What Does Operand Mean?

An operand is an object of a mathematical or other operation. These are commonly expressed in computer programming as constants or variables.


Techopedia Explains Operand

The operand is the object that is being worked on by an operation. Operations can be mathematical ones such as multiplication or addition, or they can be more sophisticated functions.

A basic example of an operand would be a variable declared in a program that would change value because of operations. For example, a programmer can create a variable x. He can set the value of x at anything, for example, one. Then, that value can be changed using an operator, for example, by entering something like x=x +3. The value of x then becomes 4.

Different operators continue to change this operand for programming and computing purposes.

Calling an operand an ‘object’ also shows how the evolution of computer programming has treated this principle.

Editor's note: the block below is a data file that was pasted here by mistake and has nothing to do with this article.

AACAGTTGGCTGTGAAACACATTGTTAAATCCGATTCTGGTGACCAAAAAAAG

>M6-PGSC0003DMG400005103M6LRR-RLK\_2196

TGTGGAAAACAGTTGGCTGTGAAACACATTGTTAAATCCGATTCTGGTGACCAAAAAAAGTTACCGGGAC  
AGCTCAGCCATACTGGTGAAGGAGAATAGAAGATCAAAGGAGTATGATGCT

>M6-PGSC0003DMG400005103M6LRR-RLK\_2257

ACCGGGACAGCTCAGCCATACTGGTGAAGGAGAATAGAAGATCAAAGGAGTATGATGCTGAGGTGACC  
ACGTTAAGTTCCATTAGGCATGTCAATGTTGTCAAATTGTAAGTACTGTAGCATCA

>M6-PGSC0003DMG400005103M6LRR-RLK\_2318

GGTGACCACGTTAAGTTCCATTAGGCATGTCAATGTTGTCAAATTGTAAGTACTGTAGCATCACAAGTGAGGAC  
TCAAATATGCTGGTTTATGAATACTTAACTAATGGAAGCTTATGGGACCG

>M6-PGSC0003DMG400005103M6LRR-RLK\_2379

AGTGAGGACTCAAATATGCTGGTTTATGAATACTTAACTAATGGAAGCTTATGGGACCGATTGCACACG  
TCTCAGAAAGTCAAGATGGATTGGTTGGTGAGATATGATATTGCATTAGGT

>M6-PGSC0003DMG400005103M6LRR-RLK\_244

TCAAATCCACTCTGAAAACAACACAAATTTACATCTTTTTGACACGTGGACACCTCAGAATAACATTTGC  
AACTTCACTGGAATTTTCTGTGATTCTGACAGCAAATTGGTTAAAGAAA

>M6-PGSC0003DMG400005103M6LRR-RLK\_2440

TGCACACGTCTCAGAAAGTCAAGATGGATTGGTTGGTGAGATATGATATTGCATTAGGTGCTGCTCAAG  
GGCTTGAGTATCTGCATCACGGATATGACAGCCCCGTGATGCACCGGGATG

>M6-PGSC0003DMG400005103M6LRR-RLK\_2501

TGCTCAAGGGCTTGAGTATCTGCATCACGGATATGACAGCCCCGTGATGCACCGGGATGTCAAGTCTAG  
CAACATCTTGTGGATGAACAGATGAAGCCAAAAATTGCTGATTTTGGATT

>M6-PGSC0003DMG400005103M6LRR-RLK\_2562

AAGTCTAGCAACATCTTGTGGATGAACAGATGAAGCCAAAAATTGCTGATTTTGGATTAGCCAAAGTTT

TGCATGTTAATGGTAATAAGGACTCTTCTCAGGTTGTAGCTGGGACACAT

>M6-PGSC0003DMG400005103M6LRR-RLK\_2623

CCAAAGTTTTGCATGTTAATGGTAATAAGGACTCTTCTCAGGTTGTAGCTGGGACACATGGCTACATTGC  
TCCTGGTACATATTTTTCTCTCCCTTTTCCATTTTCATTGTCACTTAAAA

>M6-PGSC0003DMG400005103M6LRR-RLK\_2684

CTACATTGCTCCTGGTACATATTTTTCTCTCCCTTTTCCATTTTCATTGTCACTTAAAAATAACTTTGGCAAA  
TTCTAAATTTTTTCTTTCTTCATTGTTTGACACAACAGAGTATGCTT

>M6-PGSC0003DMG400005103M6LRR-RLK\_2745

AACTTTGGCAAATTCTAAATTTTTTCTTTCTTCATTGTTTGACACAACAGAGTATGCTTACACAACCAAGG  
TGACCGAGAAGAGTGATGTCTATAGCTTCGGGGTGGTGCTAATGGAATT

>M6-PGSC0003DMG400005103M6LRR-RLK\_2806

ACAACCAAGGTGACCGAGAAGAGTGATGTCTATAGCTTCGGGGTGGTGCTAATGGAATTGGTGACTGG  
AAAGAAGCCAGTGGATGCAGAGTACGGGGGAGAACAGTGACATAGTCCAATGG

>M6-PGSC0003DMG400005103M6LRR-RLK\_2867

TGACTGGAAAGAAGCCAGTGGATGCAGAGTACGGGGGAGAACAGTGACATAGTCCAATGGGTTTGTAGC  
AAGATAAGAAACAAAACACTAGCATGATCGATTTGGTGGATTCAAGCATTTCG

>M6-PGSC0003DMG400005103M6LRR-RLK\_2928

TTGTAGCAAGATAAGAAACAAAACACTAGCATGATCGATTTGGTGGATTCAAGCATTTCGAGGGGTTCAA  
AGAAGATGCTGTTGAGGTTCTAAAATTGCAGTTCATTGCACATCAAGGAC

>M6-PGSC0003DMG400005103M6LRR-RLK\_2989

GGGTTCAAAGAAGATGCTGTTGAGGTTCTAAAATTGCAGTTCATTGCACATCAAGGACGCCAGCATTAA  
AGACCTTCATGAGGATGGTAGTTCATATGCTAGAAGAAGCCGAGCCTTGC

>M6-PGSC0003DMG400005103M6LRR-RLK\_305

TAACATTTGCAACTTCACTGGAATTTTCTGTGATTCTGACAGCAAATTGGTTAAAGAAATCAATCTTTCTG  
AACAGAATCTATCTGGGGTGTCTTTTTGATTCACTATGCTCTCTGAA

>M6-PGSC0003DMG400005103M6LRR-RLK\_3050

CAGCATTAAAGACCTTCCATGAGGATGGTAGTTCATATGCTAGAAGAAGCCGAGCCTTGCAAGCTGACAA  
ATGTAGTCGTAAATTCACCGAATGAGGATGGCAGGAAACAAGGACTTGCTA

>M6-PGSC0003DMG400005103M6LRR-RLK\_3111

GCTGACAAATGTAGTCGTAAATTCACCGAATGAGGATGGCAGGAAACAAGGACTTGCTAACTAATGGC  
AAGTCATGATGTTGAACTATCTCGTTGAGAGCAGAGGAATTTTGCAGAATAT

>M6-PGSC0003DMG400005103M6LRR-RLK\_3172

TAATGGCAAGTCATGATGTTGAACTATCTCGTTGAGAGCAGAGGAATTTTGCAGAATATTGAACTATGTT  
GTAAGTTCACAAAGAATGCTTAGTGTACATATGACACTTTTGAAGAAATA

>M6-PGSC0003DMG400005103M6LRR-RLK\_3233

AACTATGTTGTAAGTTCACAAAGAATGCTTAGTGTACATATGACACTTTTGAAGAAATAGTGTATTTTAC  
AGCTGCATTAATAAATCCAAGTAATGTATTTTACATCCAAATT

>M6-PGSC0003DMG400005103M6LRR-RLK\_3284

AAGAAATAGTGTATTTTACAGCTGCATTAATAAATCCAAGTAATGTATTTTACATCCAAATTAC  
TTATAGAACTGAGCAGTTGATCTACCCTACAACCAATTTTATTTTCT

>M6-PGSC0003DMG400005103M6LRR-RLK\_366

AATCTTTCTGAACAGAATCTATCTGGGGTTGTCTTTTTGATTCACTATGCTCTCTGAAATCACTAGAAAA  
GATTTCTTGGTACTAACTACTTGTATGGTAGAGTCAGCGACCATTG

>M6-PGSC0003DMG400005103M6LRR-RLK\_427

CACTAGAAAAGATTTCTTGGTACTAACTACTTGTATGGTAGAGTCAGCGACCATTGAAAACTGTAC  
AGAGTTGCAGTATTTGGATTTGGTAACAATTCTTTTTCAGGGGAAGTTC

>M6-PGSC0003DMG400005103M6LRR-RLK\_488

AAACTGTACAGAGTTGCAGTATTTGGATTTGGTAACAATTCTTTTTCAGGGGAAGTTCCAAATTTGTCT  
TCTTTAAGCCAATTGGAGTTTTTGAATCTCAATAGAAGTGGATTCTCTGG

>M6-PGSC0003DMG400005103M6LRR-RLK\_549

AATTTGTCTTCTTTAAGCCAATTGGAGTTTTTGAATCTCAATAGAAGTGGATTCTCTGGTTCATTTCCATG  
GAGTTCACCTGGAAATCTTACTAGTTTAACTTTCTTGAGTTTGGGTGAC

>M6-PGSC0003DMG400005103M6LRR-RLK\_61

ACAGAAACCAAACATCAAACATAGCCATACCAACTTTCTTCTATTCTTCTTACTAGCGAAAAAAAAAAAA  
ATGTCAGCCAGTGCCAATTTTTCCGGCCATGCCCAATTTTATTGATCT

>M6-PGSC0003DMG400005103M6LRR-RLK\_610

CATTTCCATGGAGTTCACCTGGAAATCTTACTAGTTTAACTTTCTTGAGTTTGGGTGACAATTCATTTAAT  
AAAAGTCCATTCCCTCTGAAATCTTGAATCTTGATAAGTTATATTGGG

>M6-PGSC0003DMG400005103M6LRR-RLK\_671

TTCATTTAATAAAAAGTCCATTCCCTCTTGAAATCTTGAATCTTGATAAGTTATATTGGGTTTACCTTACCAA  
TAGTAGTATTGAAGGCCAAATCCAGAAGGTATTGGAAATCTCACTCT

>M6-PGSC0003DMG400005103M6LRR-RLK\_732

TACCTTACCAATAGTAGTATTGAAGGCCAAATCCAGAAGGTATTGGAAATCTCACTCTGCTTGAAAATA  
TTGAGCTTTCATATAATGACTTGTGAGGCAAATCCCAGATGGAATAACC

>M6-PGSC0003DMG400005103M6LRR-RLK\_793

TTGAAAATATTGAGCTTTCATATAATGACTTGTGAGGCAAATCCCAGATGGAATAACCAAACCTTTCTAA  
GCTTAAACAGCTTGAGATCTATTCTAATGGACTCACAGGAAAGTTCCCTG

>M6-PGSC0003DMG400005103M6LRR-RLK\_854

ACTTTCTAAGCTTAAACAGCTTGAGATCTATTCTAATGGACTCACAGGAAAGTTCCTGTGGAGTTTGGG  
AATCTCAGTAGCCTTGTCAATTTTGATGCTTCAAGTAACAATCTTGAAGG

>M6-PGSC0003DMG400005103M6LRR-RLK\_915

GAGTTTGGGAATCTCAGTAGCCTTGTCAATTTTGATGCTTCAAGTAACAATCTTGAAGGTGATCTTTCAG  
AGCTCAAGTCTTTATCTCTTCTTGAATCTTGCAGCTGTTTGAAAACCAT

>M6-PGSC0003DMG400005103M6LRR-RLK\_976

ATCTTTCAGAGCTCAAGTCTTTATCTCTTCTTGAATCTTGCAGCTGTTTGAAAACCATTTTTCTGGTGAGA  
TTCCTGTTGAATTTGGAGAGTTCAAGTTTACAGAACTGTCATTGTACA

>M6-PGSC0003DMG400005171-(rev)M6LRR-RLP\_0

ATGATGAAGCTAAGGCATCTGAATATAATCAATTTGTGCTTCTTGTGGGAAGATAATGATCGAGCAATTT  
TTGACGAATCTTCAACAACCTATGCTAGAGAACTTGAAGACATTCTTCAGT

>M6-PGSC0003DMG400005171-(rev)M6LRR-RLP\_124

Through the introduction of something called ‘object-oriented programming,’ these basic variables, which are the operands in many computer programs, have been invested with more detailed properties and characteristics, through ideas like programmed programming classes and arrays.


Related Terms

Margaret Rouse

Margaret Rouse is an award-winning technical writer and teacher known for her ability to explain complex technical subjects to a non-technical, business audience. Over the past twenty years her explanations have appeared on TechTarget websites and she's been cited as an authority in articles by the New York Times, Time Magazine, USA Today, ZDNet, PC Magazine and Discovery Magazine.Margaret's idea of a fun day is helping IT and business professionals learn to speak each other’s highly specialized languages. If you have a suggestion for a new definition or how to improve a technical explanation, please email Margaret or contact her…